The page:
• Responding to Requests to Know. While the regulations have made clear that there are certain types of data that a business must never disclose in response to a request to know, such as Social Security number, driver’s license or government ID number, biometric data, etc., the modifications clarify that when responding to a request to know, businesses must inform consumers “with sufficient particularity” that they have collected that type of information. The modifications provide the following example – the business must respond that it collects “unique biometric data including a fingerprint scan” without disclosing the actual fingerprint scan data.
    • Responding to Requests to Delete. The modifications provide that if a business denies a consumer’s request to delete, the business sells personal information, and the consumer has not already made a request to opt out of the sale, then the business must ask the consumer if he/she would like to opt out and include either the contents of, or a link to, the notice of right to opt-out.
    • Service Providers. The modifications clarify that a service provider may not retain, use, or disclose personal information obtained while providing services unless the information is used to “process or maintain personal information on behalf of the business that provided the personal information, or that directed the service provider to collect the personal information” and complies with the CCPA’s requirements for a written contract for services. The modifications also add that while the service provider may use the personal information to build or improve the quality of it services, it may not build or modify household or consumer profiles to use in providing services to another business.
    • Training: Record-Keeping. The modifications clarify that information retained for record-keeping purposes may not be shared with third parties “except as necessary to comply with a legal obligation.”
    • Authorized Agent. The modifications clarify that businesses shall not require consumers, or a consumer’s authorized agent, to pay a fee to verify requests to know or to delete.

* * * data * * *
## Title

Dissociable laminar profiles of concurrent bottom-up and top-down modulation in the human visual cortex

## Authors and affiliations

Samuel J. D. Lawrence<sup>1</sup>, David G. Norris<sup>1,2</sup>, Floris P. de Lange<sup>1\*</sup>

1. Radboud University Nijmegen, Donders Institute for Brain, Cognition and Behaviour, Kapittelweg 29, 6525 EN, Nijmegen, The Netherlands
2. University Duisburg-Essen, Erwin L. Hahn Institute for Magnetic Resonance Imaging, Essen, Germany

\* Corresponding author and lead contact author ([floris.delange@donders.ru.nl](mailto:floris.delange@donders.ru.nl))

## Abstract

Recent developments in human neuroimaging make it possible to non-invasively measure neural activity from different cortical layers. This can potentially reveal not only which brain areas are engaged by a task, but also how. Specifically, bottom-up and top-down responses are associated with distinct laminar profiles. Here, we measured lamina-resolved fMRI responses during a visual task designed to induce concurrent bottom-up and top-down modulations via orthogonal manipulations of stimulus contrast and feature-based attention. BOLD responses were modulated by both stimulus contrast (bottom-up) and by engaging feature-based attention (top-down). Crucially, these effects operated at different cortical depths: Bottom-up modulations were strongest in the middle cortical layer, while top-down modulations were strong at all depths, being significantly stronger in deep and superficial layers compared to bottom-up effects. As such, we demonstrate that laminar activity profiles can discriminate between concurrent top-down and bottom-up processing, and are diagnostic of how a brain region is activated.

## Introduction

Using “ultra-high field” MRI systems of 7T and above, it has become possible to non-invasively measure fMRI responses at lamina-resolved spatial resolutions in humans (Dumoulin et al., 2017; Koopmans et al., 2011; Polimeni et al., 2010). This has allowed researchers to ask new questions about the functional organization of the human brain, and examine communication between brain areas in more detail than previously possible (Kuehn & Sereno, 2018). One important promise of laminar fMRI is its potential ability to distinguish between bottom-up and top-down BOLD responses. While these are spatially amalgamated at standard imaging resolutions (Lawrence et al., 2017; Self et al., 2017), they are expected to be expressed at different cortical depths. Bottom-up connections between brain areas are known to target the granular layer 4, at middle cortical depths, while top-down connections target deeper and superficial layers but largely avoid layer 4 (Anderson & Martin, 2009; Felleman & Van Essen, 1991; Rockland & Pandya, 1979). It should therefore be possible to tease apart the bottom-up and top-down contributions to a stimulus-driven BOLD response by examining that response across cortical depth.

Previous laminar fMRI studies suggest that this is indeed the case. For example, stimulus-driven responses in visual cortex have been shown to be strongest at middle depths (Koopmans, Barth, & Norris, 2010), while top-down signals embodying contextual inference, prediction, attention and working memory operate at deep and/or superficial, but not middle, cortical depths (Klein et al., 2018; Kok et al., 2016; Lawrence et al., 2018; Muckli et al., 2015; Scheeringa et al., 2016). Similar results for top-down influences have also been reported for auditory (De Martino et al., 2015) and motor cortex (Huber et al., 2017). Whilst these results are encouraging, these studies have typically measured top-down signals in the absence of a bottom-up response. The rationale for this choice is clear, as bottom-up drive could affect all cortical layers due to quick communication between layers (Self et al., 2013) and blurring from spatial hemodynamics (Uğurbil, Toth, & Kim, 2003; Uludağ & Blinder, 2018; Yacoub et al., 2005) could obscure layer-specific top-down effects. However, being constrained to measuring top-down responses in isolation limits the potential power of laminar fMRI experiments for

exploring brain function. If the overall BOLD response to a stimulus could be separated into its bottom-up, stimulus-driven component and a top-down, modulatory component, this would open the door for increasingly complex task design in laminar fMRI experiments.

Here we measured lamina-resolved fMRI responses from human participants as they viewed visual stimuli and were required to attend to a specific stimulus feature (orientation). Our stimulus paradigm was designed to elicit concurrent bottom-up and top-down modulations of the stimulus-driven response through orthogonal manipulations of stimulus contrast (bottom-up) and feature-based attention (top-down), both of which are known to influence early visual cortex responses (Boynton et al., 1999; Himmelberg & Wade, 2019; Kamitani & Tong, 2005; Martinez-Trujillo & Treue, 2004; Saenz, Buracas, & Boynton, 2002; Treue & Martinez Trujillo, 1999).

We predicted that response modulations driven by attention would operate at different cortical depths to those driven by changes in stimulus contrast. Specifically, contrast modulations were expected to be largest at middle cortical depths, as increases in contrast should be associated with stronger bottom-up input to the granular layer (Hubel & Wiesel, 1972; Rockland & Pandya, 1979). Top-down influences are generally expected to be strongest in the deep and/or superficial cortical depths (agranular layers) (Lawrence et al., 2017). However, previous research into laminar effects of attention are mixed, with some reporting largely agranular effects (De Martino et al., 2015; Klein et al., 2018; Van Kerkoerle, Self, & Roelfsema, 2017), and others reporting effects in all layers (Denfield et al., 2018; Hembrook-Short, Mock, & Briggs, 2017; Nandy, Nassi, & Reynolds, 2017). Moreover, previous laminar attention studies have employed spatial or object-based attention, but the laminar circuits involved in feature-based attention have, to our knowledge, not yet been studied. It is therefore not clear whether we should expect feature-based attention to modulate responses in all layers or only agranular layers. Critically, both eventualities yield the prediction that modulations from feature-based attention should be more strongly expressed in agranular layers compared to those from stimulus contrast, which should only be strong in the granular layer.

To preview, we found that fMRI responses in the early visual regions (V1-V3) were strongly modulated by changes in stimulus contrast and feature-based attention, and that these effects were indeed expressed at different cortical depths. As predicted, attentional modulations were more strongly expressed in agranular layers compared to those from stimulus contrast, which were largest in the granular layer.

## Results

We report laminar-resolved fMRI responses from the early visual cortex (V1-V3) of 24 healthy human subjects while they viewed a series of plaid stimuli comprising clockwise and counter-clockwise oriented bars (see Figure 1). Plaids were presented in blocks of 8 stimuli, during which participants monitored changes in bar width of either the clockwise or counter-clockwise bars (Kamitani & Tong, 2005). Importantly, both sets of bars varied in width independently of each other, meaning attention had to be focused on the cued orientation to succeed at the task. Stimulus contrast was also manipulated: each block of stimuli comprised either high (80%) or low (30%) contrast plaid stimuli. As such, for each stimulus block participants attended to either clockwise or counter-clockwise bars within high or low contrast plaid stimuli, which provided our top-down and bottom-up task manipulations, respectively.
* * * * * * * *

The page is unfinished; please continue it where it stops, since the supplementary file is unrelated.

• Calculating the Value of Consumer Data. The modifications provide that for the purpose of calculating the value of consumer data, a business may consider the value of the data of all natural persons in the United States and not just consumers.

    Comments on the second set of proposed modifications are due by March 27. As a reminder, the CCPA became effective January 1.

    State Issues State Attorney General CCPA Regulation Consumer Protection Privacy/Cyber Risk & Data Security

    Share page with AddThis
  • California AG says federal privacy legislation should not include preemption

    State Issues

    On February 25, California Attorney General Xavier Becerra sent a letter to the chairmen and ranking members of the Senate Committee on Commerce, Science and Transportation and the House Committee on Energy and Commerce, asking lawmakers to not preempt state laws as they draft federal privacy legislation. While Becerra expressed his appreciation for Congress’ efforts to address consumer privacy issues through legislation, he stated, “I encourage Congress to favor legislation that sets a federal privacy-protection floor rather than a ceiling, allowing my state—and others that may follow—the opportunity to provide further protections tailored to our residents.” To emphasize his position, Becerra provided an update on the California Consumer Privacy Act (CCPA), which confers significant new privacy rights to California consumers concerning the collection, use, disclosure, and sale of their personal information by covered businesses, service providers, and third parties. The CCPA took effect January 1 but will not be enforced until July 1 following promulgation of the attorney general’s CCPA regulations. (See continuing InfoBytes coverage on the CCPA here.)